Hermit Thrush Nest

Near the end of July I posted about finding bird nests earlier in the month. A couple of days after I wrote that post, I found another nest with young. I mentioned it briefly in a posts the day I found the nest, one day when I spent time watching the nest, and finally when the nest was empty.

I never would have found the nest if I had not been alerted to its presence by the begging calls of the young. As with previous nests with young that I was able to observe, these birds were very quiet, except when a parent returned with food, but I did happen to catch the sound of their begging while I was out at the battlesite bench. Although I could hear the high pitched calls, I had difficulty accurately placing where they were coming from, especially given their short duration. I was able to get enough of a sense about where they were that I knew they were in the trees between the trail and the beach, relatively close to the bench. Although the total area where I needed to look was small, I did not want to crash through the bushes and accidentally knock the nest over or otherwise disturb it significantly in the likely event that I did not happen to see it.

After a few minutes of looking and waiting, I was able to narrow my focus a little bit more as the parents made a couple more trips. I figured I must be close when I noticed one of the parents with food acting wary about my presence. I backed off a bit and waited until the parent had fed the young birds (though I still could not see where exactly they were). After it flew off to gather more food, I moved in closer again, sat down, and waited. When a parent returned with another bill-full of food, it seemed to notice me and be a little hesitant. I waited quietly, and the finally the parent apparently decided I was not much of a threat, so it flew in to feed. This time I was able to get a look at where the nest was.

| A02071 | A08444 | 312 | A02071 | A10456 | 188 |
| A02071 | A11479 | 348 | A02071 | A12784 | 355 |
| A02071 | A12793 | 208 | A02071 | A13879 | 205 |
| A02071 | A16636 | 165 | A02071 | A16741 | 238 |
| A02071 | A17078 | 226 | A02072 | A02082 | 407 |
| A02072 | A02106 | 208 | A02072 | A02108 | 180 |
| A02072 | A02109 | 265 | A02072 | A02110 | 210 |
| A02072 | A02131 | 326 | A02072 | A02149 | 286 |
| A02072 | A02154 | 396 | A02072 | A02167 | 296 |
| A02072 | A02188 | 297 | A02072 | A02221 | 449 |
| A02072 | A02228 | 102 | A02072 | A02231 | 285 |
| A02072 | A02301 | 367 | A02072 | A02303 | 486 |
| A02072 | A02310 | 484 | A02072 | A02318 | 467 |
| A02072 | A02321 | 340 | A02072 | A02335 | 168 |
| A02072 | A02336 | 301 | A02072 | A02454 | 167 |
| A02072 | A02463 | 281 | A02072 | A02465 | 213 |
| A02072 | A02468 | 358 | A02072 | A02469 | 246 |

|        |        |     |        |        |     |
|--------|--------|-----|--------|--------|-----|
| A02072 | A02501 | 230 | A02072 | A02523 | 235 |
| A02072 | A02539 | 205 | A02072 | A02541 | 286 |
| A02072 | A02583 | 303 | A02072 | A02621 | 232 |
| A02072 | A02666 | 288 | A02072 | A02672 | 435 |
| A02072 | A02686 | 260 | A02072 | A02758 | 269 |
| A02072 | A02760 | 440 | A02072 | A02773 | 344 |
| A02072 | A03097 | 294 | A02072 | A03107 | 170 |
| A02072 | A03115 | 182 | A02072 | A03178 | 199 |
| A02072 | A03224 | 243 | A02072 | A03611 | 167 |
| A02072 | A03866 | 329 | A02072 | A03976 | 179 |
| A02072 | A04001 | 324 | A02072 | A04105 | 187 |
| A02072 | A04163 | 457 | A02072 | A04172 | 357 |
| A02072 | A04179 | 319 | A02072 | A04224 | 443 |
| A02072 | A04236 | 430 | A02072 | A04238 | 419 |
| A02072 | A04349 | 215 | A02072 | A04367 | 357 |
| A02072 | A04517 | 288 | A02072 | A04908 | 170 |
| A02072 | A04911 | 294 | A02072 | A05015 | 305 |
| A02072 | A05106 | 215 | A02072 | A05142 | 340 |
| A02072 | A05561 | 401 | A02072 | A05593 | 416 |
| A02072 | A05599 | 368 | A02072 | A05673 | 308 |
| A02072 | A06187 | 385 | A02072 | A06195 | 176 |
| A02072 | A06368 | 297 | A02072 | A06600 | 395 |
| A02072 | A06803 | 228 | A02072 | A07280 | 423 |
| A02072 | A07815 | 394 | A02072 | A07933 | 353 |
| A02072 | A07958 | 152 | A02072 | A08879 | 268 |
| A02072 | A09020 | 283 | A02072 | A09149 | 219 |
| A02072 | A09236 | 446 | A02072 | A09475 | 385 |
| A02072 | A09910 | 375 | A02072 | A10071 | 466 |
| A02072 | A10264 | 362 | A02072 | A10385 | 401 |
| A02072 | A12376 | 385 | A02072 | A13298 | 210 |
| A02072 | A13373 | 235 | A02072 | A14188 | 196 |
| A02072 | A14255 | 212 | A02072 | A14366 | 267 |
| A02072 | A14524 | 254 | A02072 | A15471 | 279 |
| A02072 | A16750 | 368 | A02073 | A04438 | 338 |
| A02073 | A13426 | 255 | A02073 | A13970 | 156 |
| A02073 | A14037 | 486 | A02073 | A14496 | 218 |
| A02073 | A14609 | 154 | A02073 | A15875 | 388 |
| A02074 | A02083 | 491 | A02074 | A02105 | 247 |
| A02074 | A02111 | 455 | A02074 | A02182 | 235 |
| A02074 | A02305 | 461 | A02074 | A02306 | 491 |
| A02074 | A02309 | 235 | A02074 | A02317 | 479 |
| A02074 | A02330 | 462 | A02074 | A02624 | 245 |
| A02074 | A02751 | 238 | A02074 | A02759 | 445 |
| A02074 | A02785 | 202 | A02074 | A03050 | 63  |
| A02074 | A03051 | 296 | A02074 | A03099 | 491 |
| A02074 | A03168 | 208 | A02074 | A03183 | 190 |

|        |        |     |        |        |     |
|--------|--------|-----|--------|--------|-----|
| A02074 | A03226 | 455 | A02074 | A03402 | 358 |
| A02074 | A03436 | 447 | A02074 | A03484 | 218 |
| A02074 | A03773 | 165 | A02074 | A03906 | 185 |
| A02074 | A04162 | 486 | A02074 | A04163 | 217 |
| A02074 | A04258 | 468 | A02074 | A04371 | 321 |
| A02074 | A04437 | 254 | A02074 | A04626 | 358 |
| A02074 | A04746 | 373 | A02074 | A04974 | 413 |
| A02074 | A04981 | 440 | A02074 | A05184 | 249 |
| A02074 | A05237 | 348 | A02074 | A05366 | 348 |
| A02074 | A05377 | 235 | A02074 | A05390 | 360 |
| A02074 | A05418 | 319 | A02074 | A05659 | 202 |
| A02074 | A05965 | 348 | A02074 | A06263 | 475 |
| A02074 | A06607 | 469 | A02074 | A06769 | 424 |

The nest was in a short spruce tree growing up through the beach-side Red Alders. The nest was about 4 or 5 feet off the ground, in relatively easy view from the upper edge of the beach. Mostly made up of moss and twigs, I could also see feathers and some hair built into the nest, undoubtedly collected from the sheddings of the many dogs that get walked through the park. The four young, practically stacked on top of each other, filled it almost to overflowing. The feathers of the nestlings seemed well developed, and during the time I was able to observe these birds over a couple of days, I saw one of them climb up on the edge of the nest and work its wings a bit. After another couple of days had passed, the nest was empty.

It was interesting trying to stay out of sight while watching the nest. It was not so much the birds I was concerned about seeing me, but the people walking through the park. The nest really was only a short distance from the trail, and when the cruise ships are in on sunny days, as was the case when I was watching, visitors are many. The only spot to watch where I could see the nest, but not be so close the parents would not feed the nestlings was right at the edge of the alders at the top of the beach. From where I was stationed, I could not quite see the battlesite bench, but anyone who took a step closer to the beach to look around was visible. When things seemed especially busy, I sometimes just sat down at the top of the beach and got interested in insects, just in case someone noticed me. I didn’t really want to advertise the location of the nest and risk disturbing it even more than I was probably already doing.

Over the time I observed, I was able to see the parents bring in food a few times. Salmonberries and invertebrates seemed to make up the bulk of the food items. Invertebrates I noticed included a centipede, caterpillars, and a crane fly or harvestman (all I could see were the long legs).

Additional photos below.

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